Barry Kluczyk
August 22, 2011

4. Power Valve Power Play

The power valve (known as a metering rod on a Carter-style carburetor) is a vacuum-activated feature that’s used to enrich the fuel mixture to prevent detonation or stumbling. They’re available in different sizes to match the flow requirements of the engine. On manual-transmission applications, a standard 6.5-inch power valve is adequate if the vacuum reading at idle is above 12 inches. For automatic applications, if the idle vacuum reading is below 12 inches, divide the number in half to determine the correct power valve size. For example: a 9-inch vacuum reading requires a 4.5-inch power valve.

5. Installing The Electric Choke

A key-on hot lead wire is connected to the positive (+) spade on the choke cap; and the negative (-) spade on the choke cap is wired back to the carb as a ground. It sounds simple enough, but many installers get it wrong. Don’t be one of them.

6. Electric Choke Fast Idle Adjustment

With the engine off, hold the throttle wide open; this drops a lever with a ¼-inch screw in it beneath the choke housing. To slow the idle, turn the screw counter-clockwise. Turn it clockwise to increase the idle speed.

7. Basic Fuel Level Adjustment

In the fuel bowl, a fuel level that is too low can cause stumbling when the throttle is opened quickly. Follow these simple steps to adjust it:

  • Remove the sight plug on the side of the fuel bowl
  • With the engine running, loosen the lock screw on top of the fuel bowl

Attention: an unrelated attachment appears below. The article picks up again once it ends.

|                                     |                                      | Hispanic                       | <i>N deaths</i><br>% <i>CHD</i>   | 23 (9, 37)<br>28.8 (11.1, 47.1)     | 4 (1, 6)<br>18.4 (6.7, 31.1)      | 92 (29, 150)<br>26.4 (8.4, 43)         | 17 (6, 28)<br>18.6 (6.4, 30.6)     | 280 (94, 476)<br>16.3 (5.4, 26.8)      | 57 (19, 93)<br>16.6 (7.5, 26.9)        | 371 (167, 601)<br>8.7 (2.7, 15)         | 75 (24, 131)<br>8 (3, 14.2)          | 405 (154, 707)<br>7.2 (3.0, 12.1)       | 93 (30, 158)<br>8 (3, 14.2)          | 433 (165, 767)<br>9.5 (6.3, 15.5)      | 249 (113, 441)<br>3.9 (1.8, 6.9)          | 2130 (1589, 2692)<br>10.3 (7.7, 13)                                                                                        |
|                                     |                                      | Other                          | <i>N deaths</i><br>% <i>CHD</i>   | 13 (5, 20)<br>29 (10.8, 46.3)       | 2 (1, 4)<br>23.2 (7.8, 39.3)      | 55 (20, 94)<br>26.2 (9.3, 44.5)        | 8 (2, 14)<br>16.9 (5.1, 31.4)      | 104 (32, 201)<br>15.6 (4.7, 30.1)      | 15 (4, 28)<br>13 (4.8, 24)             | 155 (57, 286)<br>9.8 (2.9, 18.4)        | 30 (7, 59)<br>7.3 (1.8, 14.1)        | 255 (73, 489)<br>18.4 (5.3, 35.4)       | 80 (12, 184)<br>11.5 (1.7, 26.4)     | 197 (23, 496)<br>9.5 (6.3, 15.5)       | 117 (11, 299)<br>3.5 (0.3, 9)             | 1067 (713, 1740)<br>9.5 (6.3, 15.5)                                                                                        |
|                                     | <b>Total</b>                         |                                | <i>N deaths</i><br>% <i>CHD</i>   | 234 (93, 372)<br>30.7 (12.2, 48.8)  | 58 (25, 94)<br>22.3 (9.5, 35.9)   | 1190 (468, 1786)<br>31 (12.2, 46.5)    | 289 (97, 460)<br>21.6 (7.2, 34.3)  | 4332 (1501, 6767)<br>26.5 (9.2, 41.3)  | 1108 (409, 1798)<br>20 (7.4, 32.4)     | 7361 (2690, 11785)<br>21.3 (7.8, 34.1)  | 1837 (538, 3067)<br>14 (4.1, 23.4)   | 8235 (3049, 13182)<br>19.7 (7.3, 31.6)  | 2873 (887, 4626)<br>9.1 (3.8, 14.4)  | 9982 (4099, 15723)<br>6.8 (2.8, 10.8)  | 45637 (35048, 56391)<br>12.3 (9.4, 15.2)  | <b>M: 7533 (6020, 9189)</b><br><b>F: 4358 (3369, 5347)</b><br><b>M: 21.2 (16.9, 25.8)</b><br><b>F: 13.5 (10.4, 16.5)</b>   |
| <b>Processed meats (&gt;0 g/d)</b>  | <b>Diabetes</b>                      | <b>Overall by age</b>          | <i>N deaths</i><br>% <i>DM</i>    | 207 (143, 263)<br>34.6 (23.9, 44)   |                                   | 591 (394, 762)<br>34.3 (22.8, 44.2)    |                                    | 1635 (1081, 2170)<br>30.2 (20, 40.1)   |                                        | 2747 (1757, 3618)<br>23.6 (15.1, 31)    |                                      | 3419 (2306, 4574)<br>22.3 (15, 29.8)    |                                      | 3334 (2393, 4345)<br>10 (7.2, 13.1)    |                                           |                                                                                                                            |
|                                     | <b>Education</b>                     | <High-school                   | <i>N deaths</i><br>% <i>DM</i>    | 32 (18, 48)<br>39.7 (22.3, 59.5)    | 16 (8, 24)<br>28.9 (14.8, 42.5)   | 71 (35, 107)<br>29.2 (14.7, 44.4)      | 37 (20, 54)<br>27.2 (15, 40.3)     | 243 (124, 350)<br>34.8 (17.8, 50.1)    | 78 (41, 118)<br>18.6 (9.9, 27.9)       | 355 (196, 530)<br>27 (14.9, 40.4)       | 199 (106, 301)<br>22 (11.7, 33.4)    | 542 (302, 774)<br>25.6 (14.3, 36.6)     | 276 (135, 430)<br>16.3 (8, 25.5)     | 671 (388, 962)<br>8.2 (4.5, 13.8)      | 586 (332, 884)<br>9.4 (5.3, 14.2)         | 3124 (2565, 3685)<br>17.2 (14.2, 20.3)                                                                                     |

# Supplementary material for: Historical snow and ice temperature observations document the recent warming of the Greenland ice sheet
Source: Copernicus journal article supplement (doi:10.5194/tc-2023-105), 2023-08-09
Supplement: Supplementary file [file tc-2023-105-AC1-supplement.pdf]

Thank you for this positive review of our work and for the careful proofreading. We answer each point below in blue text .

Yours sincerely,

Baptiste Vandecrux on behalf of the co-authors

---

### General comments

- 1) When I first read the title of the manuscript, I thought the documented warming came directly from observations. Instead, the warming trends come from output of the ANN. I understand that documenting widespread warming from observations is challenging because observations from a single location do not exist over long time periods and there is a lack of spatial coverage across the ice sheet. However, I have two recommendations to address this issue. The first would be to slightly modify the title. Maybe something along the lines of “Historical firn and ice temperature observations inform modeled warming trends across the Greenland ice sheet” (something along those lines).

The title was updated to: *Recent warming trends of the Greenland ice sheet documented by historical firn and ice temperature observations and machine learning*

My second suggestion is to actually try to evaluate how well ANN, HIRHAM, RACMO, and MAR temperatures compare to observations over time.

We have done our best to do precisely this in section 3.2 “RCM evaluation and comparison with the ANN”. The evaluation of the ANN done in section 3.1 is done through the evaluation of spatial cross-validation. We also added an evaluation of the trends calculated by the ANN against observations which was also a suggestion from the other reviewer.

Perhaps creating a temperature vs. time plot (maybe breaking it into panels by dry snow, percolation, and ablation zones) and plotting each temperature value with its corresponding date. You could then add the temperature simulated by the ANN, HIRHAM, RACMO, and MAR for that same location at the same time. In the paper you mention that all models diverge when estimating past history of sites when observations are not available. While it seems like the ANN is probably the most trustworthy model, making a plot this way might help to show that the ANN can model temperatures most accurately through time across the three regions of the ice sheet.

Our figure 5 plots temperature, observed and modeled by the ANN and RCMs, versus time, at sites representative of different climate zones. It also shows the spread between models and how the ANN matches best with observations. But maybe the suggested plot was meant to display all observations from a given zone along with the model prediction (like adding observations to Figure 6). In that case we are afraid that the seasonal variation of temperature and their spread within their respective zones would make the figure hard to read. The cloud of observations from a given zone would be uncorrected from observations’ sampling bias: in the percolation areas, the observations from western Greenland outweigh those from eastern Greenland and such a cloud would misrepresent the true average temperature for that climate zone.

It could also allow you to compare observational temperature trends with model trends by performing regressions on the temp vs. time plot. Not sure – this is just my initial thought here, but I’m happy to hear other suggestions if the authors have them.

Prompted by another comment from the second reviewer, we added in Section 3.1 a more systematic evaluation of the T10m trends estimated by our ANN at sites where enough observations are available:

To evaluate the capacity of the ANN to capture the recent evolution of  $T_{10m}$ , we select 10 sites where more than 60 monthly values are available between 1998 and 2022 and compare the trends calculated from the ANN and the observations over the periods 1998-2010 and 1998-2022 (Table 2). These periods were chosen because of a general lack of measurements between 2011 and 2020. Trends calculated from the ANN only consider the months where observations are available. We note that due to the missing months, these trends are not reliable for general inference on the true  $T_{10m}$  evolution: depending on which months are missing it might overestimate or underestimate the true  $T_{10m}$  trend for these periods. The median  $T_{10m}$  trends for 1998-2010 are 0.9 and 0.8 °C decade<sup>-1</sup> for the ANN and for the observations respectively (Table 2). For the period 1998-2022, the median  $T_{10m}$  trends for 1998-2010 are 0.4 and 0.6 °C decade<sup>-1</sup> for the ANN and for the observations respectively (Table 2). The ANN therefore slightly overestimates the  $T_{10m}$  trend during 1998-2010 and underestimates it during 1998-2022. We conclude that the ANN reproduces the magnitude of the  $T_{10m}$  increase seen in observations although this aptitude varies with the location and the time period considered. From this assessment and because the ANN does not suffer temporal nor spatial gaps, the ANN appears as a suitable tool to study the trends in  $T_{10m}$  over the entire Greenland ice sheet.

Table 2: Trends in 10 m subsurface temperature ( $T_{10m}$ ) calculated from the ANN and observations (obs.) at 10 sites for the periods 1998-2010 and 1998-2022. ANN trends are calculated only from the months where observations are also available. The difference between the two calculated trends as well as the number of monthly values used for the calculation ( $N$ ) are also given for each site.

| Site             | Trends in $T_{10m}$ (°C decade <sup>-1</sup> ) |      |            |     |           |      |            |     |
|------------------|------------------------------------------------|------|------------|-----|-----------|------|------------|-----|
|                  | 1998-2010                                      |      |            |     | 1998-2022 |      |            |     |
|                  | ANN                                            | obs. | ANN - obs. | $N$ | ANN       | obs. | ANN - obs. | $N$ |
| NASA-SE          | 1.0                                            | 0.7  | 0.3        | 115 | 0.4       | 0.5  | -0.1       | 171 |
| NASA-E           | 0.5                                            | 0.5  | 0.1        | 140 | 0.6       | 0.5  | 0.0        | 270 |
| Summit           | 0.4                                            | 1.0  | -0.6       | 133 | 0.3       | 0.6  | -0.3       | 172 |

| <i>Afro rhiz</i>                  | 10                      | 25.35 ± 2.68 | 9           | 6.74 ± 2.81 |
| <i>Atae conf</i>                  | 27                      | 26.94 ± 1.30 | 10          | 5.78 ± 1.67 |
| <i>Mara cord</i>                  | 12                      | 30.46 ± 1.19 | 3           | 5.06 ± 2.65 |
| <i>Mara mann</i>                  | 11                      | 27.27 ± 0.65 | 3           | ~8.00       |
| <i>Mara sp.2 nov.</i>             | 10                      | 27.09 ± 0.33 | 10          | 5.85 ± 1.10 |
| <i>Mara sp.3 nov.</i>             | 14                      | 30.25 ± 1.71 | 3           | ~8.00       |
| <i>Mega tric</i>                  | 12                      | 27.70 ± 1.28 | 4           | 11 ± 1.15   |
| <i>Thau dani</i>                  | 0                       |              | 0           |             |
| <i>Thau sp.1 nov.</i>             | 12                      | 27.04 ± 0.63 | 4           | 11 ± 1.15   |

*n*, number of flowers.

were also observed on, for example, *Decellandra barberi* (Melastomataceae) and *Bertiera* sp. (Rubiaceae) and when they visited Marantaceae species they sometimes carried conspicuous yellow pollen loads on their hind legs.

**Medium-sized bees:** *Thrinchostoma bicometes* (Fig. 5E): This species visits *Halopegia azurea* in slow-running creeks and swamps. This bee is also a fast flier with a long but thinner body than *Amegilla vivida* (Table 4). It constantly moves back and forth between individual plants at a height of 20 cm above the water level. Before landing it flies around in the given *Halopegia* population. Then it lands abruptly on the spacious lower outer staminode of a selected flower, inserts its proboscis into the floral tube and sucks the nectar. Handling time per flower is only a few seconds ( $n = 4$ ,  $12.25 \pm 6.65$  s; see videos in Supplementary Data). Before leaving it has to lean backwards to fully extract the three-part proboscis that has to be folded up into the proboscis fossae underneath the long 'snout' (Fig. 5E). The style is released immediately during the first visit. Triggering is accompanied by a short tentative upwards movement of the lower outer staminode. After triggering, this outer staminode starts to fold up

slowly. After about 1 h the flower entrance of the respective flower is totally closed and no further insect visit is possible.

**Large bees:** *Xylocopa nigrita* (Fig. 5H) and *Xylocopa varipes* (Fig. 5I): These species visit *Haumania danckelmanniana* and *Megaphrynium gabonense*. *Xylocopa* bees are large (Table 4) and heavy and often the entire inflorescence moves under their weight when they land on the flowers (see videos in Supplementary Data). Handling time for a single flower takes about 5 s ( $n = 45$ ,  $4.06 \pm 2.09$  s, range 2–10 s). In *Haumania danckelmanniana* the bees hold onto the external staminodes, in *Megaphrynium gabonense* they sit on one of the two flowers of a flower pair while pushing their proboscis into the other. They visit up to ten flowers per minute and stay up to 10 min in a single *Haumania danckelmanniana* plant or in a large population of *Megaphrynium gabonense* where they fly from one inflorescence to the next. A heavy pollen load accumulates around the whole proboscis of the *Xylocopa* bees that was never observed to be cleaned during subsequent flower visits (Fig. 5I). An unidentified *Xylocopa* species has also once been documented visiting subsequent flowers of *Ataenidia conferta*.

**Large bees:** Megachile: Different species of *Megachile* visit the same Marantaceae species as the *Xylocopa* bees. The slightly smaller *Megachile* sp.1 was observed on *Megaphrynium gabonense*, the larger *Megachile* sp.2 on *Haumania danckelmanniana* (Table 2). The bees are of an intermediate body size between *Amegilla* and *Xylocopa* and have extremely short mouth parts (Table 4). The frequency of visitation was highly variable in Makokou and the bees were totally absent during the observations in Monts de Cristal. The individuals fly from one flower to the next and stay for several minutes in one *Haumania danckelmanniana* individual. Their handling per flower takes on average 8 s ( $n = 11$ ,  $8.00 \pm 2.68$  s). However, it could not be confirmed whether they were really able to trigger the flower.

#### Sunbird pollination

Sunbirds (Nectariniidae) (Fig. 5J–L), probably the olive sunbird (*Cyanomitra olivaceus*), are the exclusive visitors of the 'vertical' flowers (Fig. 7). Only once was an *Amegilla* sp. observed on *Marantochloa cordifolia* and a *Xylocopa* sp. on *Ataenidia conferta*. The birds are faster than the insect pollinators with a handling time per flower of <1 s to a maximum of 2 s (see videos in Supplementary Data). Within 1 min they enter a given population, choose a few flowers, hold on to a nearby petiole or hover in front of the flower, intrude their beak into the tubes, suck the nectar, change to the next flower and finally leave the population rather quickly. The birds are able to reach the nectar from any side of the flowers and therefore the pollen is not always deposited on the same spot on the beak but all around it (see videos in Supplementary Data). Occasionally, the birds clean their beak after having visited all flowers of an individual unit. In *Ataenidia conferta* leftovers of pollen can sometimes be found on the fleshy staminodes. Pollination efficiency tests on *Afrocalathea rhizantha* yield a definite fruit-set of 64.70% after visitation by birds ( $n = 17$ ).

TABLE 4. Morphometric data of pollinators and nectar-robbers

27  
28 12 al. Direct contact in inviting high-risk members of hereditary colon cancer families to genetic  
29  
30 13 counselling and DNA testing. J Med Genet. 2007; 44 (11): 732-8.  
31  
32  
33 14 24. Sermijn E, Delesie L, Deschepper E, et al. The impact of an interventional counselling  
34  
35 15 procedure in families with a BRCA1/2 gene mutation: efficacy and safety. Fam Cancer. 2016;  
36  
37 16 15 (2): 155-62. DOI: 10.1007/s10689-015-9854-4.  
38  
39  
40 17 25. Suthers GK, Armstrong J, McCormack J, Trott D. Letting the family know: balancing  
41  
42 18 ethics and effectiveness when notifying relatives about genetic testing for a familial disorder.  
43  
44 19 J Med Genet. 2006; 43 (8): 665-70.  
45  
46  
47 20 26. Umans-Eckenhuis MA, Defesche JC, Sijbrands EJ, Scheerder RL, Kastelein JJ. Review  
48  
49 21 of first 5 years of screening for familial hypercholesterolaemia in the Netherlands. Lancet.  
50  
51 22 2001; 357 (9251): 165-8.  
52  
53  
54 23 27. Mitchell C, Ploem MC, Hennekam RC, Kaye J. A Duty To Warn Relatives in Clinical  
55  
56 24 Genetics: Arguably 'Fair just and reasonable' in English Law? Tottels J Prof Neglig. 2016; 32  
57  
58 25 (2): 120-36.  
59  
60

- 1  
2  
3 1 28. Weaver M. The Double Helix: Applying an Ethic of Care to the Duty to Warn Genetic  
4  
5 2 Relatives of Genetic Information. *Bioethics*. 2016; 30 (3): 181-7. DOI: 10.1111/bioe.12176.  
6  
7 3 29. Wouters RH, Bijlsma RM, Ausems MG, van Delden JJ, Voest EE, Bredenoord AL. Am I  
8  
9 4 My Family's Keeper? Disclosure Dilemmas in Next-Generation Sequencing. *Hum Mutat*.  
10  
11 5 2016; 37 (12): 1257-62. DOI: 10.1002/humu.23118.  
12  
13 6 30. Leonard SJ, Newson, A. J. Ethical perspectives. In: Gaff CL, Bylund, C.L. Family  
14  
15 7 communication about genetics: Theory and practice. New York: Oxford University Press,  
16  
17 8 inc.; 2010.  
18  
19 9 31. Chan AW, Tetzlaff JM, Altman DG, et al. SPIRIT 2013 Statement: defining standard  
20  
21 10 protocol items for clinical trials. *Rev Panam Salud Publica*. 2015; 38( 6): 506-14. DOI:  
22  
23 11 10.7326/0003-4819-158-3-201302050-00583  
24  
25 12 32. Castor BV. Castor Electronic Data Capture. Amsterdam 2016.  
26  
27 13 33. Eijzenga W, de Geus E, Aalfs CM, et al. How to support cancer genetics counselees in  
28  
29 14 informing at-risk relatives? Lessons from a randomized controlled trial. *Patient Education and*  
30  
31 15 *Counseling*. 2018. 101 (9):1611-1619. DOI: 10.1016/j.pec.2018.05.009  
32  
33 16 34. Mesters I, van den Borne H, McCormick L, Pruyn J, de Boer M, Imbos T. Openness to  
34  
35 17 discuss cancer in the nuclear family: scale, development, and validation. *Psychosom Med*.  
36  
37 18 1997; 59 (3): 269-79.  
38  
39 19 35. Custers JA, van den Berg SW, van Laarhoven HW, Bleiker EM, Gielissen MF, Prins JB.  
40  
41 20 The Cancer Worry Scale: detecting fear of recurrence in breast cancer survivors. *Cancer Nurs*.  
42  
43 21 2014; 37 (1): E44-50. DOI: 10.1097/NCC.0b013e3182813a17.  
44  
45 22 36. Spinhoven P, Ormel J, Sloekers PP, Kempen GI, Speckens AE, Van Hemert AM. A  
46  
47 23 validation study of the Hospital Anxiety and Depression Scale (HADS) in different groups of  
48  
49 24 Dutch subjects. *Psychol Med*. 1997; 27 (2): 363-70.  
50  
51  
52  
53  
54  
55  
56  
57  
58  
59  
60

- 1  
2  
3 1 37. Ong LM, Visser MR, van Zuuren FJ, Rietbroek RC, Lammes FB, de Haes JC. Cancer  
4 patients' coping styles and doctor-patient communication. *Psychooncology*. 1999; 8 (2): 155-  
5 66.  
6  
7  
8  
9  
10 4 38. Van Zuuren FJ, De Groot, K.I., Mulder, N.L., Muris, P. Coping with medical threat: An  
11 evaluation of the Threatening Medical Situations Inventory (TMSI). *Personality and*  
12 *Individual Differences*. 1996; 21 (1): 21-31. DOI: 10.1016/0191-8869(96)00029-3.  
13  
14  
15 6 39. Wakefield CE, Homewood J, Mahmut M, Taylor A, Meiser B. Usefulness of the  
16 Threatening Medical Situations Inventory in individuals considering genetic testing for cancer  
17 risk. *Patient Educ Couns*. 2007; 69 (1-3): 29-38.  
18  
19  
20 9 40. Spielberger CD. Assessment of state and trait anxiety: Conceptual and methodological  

• Turn the nut on the fuel bowl clockwise to lower the fuel level and counter clockwise to raise the fuel level

8. Mixture Screw Setup

Getting the mixture screw adjusted properly is a must for preventing lean or rich conditions. Follow these steps:

  • Bring the engine to normal operating temperature and turn it off
  • Turn the mixture screws all the way in, and then back them out three full turns
  • Restart the engine
  • With engine idling at temperature, turn one screw in a quarter-turn and the next screw in a quarter-turn, repeating the process in quarter-turn increments until the engine rpm drops
  • When the rpm drops, turn the screws back out 1⁄8-turn

9. Selecting The Right-Size Jets

Whether you call them shooters or jets, installing the correct-size components is essential for smooth operation and stumble-free acceleration. Because every application is different, settling on the correct shooter size (orifice diameter) often comes down to trial and error tuning. Stumbling at take-off without black smoke from the tailpipe means the shooters/jets are too small. Stumbling with black smoke from the tailpipe means the shooters/jets are too large. Crisp, stumble-free acceleration and optimal vacuum mean the shooters/jets are just right.

10. Troubleshooting Bogging And Hesitation

Bogging or hesitation is annoying and gives the impression of low horsepower. It occurs when the secondaries open or “come in” too soon; and it can be corrected with a heavier secondary spring. Conversely, sluggish performance, especially at wide-open throttle, may be due to a secondary spring that is too heavy. Swap in a lighter one.

11. Overcoming Stumbling

Stumbling is a common malady experienced with a new or rebuilt carb that makes one wish for electronic fuel injection. But it’s pretty easy to diagnose and cure.

A stumbling condition at take-off is usually due to an inadequate accelerator pump fuel shot—assuming the shooter/jet size is correct (see Step 9). Inspect the pump shot with the engine off. Look into the carb and move the throttle; fuel should spray the instant the throttle is moved. If it doesn’t, turn the nut of the pump arm counter-clockwise one full turn and check the spray again. Continue until the spray is immediate with the throttle. If the pump spray is immediate upon inspection, check the following:

  • Inspect the pump diaphragm for a hole
  • Check the pump passage for debris or other impediments

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